Monday, January 11, 2010

Carnival of Souls

She emerges from the murk of a swollen river, mud-streaked, her pale bony face like a skull, enormous eyes staring in confusion and shock.
Mary Henry (Candace Hilligloss) is surfacing from a car submerged after plunging off a bridge in a drag racing accident. Of the three women within, she is the only one to escape. So begins Carnival of Souls (1962), an understated, sometimes surreal film which manages to deliver real chills despite being shot in three weeks with a minuscule budget, a cast of mostly amateur and B-grade actors, and a director (Herk Harvey) whose ouevre otherwise consists of over 400 industrial and educational films ((Carnival of Souls is bracketed by Jamaica, Haiti, and the Lesser Antilles (1962) and Pork: The Meal with a Squeal (1963)). The score, by Gene Moore, is made up entirely of organ music, cold, sinister, and unrelenting. Candace Hilligloss is an excellent lead for a horror film ((she also starred in The Curse of the Living Corpse (1964)), a woman who would be beautiful if she didn’t so closely resemble a mannequin with a wig, staring silently with wide lifeless eyes.
Mary Henry leaves town soon after the tragedy, strangely emotionless, perhaps traumatized by events. She drives to Utah to start a new life as a church organist, although without much religious fervor (“To me, a church is just a place of business.”). Here her troubles begin in earnest.
A strange and frightening (and perhaps dead) Man (Herk Harvey) haunts her, appearing and disappearing, his eyes burning into her soul. The enormous, abandoned carnival pavilion outside of town (“played” by the Saltair Amusement Park outside Salt Lake City, which has since burned and been rebuilt on a smaller scale), a hulking dark shadow on the shore of the Great Salt Lake, exerts a terrible fascination on her.
Her boarding house neighbor (Sidney Berger, who also had a part in 1998's Wes Craven Presents: Carnival of Souls, a film with a dissimilar plot and no redeeming characteristics) at first provides some distraction from her fears, but becomes disturbing in his over-persistent quest for her favors, and metamorphoses into a potential rapist with a drinking problem.
But this is nothing compared with the terror to come. The world changes, and she is temporarily cut off from humanity, unseen and unhearing, walking through the town in total silence, ignored by all (“It was as though for a time I didn’t exist!”). Has she been driven mad by her brush with death? Why does she feel so alone, so empty?
While sound and communication return, things continue to decay. The concerned Dr. Samuels (Stan Levitt) tries to sooth her nerves and diagnose her illness, but it is her idea to cure her problems by facing the carnival pavilion by the lake to which her attention is so strangely drawn, a spooky, desolate jumble of abandoned buildings and rides. Watching her walk through these empty spaces of shadow and silence is almost more terrifying than what is to come, full of palpable menace that brings to mind the oppressive, deserted hallways of the Overlook Hotel in The Shining(1980).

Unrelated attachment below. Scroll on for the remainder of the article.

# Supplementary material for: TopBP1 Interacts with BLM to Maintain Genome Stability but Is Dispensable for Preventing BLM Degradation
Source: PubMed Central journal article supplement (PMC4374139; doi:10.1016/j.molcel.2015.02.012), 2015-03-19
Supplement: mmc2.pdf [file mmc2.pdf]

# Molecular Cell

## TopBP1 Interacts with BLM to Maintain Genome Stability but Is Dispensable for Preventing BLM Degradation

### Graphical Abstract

The final ten minutes of the film begin as a descent into madness, an exercise in horror mounting excruciatingly. The final three minutes, unfortunately, detract from the overall atmosphere. There’s a silly supernatural hide-and-go-seek scene not in keeping with the brooding horror of the rest of the film, and finally an unnecessary bit of explanation to clue in those who failed to grasp the not-so-subtle plot points beforehand.
Despite these flaws, despite a very simple plot, despite generally mediocre dialogue and some off-putting flubs (Hilligloss’s hair appears suspiciously dry as she emerges from the river), Carnival of Souls somehow succeeds in frightening. This is not overt, go for the gross-out horror, but a well-crafted and quite creepy supernatural thriller to raise the hairs on the back of your neck.
As an added bonus, it’s somehow encouraging that a group of low-grade actors and a director of educational films, on a tiny budget and a few weeks time, could produce something creepily enjoyable enough to become a cult classic. One can only imagine they had a lot of fun doing it, too. Herk Harvey certainly seems to be enjoying himself, in a macabre sort of way, smiling an evil little smile as he stares into the camera in his ghoulish pancake makeup, far, far away from the mundane concerns of Why Study Home Economics? (1955) and What About Prejudice? (1959).
Carnival of Souls is available as a free download from

This review was originally published at the (now defunct) horror webzine Tales from the Moonlit Path.

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